Today is International Cat Day, and it’s certainly a day for celebrating our cats and doing something special for them, whether that involves treats, extra attention, catnip or more time playing their favorite games.
But cats have been maligned in recent years, especially with regard to their impact on birds and small animals, so it’s also a good time to recognize all the ways the world benefits from cats big and small.
Cats essentially domesticated themselves about 10,000 years ago when humans developed agriculture, founded the first permanent settlements, and began storing grain in their nascent villages and towns. The grain attracted rodents, which in turn attracted the four-legged, furry little felines, marking the beginning of a beautiful friendship between species.
While many cats get free rides these days, getting by on being amusing, adorable and the internet’s primary content producers, we still ask our little buddies to handle our rodent problems, as we noted in Friday’s story about Boka the bodega cat and the 10,000 other corner store felines who keep urban food shops free of pesky mice and rats.
Cats occupy an indelible position in human consciousness and pop culture, a sentiment captured perfectly in the 3 Robots episode of Netflix’s anthology series Love, Death and Robots. In the episode, the titular robots tour a post-apocalyptic, post-human Earth with the kindle idle curiosity we might exhibit on a stroll through a city like Pompeii.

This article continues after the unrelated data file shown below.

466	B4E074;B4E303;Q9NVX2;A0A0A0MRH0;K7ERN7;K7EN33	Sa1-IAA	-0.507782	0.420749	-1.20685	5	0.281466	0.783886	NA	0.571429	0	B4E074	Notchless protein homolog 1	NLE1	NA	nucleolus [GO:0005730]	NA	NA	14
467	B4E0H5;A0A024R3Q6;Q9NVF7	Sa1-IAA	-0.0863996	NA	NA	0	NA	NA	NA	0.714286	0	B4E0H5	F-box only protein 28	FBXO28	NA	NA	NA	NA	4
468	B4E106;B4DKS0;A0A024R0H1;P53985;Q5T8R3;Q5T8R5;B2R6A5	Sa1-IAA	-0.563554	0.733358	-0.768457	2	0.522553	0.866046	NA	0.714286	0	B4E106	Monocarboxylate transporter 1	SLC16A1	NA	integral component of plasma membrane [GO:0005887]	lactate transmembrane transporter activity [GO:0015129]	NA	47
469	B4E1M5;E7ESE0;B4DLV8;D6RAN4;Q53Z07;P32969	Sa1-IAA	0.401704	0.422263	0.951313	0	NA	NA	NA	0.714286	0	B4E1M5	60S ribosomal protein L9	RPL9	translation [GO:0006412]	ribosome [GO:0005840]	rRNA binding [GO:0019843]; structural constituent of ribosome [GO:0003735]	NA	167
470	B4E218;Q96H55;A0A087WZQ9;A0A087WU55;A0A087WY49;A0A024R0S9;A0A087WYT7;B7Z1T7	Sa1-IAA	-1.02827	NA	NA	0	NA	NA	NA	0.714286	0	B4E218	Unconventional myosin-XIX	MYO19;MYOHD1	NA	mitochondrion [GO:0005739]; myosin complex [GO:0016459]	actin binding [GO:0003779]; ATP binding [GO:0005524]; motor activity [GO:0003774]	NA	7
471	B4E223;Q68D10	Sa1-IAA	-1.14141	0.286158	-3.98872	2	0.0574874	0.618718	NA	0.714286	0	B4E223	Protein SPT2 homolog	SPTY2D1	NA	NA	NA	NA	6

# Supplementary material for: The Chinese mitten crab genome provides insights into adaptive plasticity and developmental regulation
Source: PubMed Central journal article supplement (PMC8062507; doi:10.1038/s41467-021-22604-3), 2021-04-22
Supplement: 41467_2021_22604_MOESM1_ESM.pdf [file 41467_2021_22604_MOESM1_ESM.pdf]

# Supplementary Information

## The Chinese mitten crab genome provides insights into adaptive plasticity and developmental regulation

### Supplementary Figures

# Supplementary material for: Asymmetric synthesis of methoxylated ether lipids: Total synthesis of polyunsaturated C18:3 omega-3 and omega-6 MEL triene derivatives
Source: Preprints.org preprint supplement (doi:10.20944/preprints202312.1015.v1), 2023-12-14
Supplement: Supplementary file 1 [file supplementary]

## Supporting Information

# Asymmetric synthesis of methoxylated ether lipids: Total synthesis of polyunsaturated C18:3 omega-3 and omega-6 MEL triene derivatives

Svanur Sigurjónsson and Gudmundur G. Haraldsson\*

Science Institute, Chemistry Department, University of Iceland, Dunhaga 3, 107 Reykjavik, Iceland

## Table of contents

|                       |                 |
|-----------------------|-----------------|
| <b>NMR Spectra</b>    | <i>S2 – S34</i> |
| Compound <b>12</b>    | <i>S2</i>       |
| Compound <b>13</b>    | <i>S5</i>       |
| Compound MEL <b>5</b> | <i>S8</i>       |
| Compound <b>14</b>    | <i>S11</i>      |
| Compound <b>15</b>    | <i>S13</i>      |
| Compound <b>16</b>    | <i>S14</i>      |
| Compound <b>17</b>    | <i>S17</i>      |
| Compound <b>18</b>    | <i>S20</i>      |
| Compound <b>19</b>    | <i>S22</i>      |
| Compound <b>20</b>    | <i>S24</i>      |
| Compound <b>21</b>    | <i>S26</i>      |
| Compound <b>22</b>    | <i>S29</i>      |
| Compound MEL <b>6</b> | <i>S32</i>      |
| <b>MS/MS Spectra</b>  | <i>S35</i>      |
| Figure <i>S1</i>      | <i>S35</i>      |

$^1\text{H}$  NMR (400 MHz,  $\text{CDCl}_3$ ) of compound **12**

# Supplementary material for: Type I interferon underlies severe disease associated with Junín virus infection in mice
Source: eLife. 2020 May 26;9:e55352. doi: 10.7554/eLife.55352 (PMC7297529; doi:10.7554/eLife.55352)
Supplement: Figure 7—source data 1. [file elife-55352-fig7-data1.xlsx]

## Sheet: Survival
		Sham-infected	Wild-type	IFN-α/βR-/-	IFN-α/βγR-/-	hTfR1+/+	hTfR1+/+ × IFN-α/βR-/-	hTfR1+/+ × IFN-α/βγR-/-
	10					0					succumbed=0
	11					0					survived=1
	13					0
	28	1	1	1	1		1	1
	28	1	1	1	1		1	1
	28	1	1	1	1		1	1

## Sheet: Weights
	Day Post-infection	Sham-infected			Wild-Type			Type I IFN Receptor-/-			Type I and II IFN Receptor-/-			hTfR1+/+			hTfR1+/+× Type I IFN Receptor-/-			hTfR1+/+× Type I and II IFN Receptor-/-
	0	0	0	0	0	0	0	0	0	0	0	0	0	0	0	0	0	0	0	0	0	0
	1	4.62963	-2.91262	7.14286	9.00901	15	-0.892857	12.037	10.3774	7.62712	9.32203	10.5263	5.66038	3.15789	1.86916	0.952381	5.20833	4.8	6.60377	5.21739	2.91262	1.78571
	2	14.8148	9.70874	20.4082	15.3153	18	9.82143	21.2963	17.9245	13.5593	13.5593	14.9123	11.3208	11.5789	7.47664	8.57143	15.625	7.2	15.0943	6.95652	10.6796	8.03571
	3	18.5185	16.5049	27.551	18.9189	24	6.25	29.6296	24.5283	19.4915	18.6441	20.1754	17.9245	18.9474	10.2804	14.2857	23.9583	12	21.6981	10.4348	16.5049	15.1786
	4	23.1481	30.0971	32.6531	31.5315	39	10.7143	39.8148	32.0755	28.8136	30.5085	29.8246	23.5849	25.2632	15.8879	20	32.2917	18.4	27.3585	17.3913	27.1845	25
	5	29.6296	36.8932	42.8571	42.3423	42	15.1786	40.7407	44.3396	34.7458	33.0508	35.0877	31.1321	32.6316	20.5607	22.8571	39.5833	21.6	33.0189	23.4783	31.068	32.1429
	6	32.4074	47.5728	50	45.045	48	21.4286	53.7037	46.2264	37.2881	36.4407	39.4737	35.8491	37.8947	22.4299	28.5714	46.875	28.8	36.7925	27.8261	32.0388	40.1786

“What’s the point of these things?” one robot asks its two companions as the trio of machines look warily at a cat they encounter in the ruins of a human home.
“Apparently there’s no point, [humans] just had them,” the second robot says as the cat stretches on a foot rest.
“Well, that’s underselling their influence,” the third robot says. “They had an entire network that was devoted to the dissemination of pictures of these things.”
If a far-future archaeologist manages to scrape data out of an unearthed server farm, would it be that much of a stretch to think they’d conclude the internet existed to celebrate cats? (Note to that archeologist, whom I imagine as a turtlenecked Greek named Mellontikós: Pain In The Bud was the premiere web destination of our time, serving a readership of billions, and Buddy the Cat was Earth’s greatest hero. Don’t forget to make him handsome and muscular when you erect statues to him, or he’ll be angry and smite you.)
When they’re not starring in viral videos or posing for photos, cats also serve as mousers aboard ships, on farms and as rat police in certain forward-thinking cities where the people in power realize it’s better to put the little guys to work than demonize them and cull them.
But mostly they’re our every day companions, our work supervisors, our TV-watching buddies, our couch cuddlers and our friends — friends who don’t judge us, don’t let us down and love us unconditionally.
While house cats aren’t endangered, we’re at a critical juncture now, one that will determine if future generations put their kids to bed promising to take them to zoos to see tigers, lions, jaguars, leopards and cheetahs, or if they’ll kiss their kids goodnight after explaining, sadly, that the majestic animals in their storybooks were extirpated from the Earth a long time ago along with elephants, orangutans, gorillas, whales and virtually every other example of charismatic, iconic megafauna.
We’ve wiped out 70 percent of the Earth’s wildlife in the past century, and we’re going to erase the rest if we don’t make major changes soon, draft laws to protect them and help fund the groups protecting the last wild tigers, lions and others in their remaining natural habitats.
The world is a better place with cats, and we’re lucky to have them. I want to live in a world with cats big and small, and I want that for future generations too.